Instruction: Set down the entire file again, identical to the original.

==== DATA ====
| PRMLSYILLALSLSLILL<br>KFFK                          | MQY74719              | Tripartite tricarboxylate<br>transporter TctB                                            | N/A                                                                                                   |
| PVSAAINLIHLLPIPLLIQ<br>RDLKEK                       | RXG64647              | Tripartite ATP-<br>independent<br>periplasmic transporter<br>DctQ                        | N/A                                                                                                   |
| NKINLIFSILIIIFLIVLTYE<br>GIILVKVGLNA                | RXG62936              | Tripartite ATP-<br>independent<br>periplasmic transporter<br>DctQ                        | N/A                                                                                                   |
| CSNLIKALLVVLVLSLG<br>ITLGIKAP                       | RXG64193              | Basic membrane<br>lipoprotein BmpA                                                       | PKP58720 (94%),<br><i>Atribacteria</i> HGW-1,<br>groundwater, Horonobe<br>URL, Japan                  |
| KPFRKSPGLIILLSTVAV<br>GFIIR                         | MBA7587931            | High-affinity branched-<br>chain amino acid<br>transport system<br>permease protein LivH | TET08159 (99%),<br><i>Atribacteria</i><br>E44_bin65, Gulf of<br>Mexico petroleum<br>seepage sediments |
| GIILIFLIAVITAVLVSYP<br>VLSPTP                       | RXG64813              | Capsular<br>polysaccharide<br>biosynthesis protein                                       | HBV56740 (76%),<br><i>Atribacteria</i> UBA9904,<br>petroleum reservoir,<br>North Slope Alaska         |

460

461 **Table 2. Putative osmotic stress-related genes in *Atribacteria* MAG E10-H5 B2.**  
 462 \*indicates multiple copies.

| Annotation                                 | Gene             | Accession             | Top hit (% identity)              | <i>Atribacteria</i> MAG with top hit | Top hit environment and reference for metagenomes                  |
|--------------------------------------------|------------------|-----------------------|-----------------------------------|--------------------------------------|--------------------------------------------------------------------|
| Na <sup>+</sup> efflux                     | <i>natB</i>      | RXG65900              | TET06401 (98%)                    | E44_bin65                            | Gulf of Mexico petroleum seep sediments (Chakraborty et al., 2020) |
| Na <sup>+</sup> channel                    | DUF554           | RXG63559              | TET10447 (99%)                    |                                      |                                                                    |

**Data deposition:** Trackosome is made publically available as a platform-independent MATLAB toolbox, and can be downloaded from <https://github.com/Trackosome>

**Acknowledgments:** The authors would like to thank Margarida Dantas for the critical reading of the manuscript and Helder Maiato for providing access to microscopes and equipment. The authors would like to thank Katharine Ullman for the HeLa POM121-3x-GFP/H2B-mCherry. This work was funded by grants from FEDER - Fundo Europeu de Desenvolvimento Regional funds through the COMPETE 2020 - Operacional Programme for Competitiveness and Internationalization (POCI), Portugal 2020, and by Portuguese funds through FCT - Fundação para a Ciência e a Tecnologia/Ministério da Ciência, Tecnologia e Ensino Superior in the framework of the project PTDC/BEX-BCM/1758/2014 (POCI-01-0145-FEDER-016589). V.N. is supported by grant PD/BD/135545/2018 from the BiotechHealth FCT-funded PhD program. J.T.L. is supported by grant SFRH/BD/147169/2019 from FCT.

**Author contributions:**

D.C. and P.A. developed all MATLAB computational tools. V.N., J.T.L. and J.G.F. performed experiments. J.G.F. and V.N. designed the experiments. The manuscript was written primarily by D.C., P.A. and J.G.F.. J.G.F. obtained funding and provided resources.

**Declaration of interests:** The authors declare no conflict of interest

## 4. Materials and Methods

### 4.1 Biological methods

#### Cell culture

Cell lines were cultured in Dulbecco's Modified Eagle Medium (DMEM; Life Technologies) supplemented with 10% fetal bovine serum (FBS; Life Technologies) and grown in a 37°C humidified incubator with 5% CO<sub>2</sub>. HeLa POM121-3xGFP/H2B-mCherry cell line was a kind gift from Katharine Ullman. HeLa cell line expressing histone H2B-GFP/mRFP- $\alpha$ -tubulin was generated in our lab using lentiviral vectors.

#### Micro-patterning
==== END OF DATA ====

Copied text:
| PRMLSYILLALSLSLILL<br>KFFK                          | MQY74719              | Tripartite tricarboxylate<br>transporter TctB                                            | N/A                                                                                                   |
| PVSAAINLIHLLPIPLLIQ<br>RDLKEK                       | RXG64647              | Tripartite ATP-<br>independent<br>periplasmic transporter<br>DctQ                        | N/A                                                                                                   |
| NKINLIFSILIIIFLIVLTYE<br>GIILVKVGLNA                | RXG62936              | Tripartite ATP-<br>independent<br>periplasmic transporter<br>DctQ                        | N/A                                                                                                   |
| CSNLIKALLVVLVLSLG<br>ITLGIKAP                       | RXG64193              | Basic membrane<br>lipoprotein BmpA                                                       | PKP58720 (94%),<br><i>Atribacteria</i> HGW-1,<br>groundwater, Horonobe<br>URL, Japan                  |
| KPFRKSPGLIILLSTVAV<br>GFIIR                         | MBA7587931            | High-affinity branched-<br>chain amino acid<br>transport system<br>permease protein LivH | TET08159 (99%),<br><i>Atribacteria</i><br>E44_bin65, Gulf of<br>Mexico petroleum<br>seepage sediments |
| GIILIFLIAVITAVLVSYP<br>VLSPTP                       | RXG64813              | Capsular<br>polysaccharide<br>biosynthesis protein                                       | HBV56740 (76%),<br><i>Atribacteria</i> UBA9904,<br>petroleum reservoir,<br>North Slope Alaska         |

460

461 **Table 2. Putative osmotic stress-related genes in *Atribacteria* MAG E10-H5 B2.**  
 462 \*indicates multiple copies.

| Annotation                                 | Gene             | Accession             | Top hit (% identity)              | <i>Atribacteria</i> MAG with top hit | Top hit environment and reference for metagenomes                  |
|--------------------------------------------|------------------|-----------------------|-----------------------------------|--------------------------------------|--------------------------------------------------------------------|
| Na <sup>+</sup> efflux                     | <i>natB</i>      | RXG65900              | TET06401 (98%)                    | E44_bin65                            | Gulf of Mexico petroleum seep sediments (Chakraborty et al., 2020) |
| Na <sup>+</sup> channel                    | DUF554           | RXG63559              | TET10447 (99%)                    |                                      |                                                                    |

**Data deposition:** Trackosome is made publically available as a platform-independent MATLAB toolbox, and can be downloaded from <https://github.com/Trackosome>

**Acknowledgments:** The authors would like to thank Margarida Dantas for the critical reading of the manuscript and Helder Maiato for providing access to microscopes and equipment. The authors would like to thank Katharine Ullman for the HeLa POM121-3x-GFP/H2B-mCherry. This work was funded by grants from FEDER - Fundo Europeu de Desenvolvimento Regional funds through the COMPETE 2020 - Operacional Programme for Competitiveness and Internationalization (POCI), Portugal 2020, and by Portuguese funds through FCT - Fundação para a Ciência e a Tecnologia/Ministério da Ciência, Tecnologia e Ensino Superior in the framework of the project PTDC/BEX-BCM/1758/2014 (POCI-01-0145-FEDER-016589). V.N. is supported by grant PD/BD/135545/2018 from the BiotechHealth FCT-funded PhD program. J.T.L. is supported by grant SFRH/BD/147169/2019 from FCT.

**Author contributions:**

D.C. and P.A. developed all MATLAB computational tools. V.N., J.T.L. and J.G.F. performed experiments. J.G.F. and V.N. designed the experiments. The manuscript was written primarily by D.C., P.A. and J.G.F.. J.G.F. obtained funding and provided resources.

**Declaration of interests:** The authors declare no conflict of interest

## 4. Materials and Methods

### 4.1 Biological methods

#### Cell culture

Cell lines were cultured in Dulbecco's Modified Eagle Medium (DMEM; Life Technologies) supplemented with 10% fetal bovine serum (FBS; Life Technologies) and grown in a 37°C humidified incubator with 5% CO<sub>2</sub>. HeLa POM121-3xGFP/H2B-mCherry cell line was a kind gift from Katharine Ullman. HeLa cell line expressing histone H2B-GFP/mRFP- $\alpha$ -tubulin was generated in our lab using lentiviral vectors.

#### Micro-patterning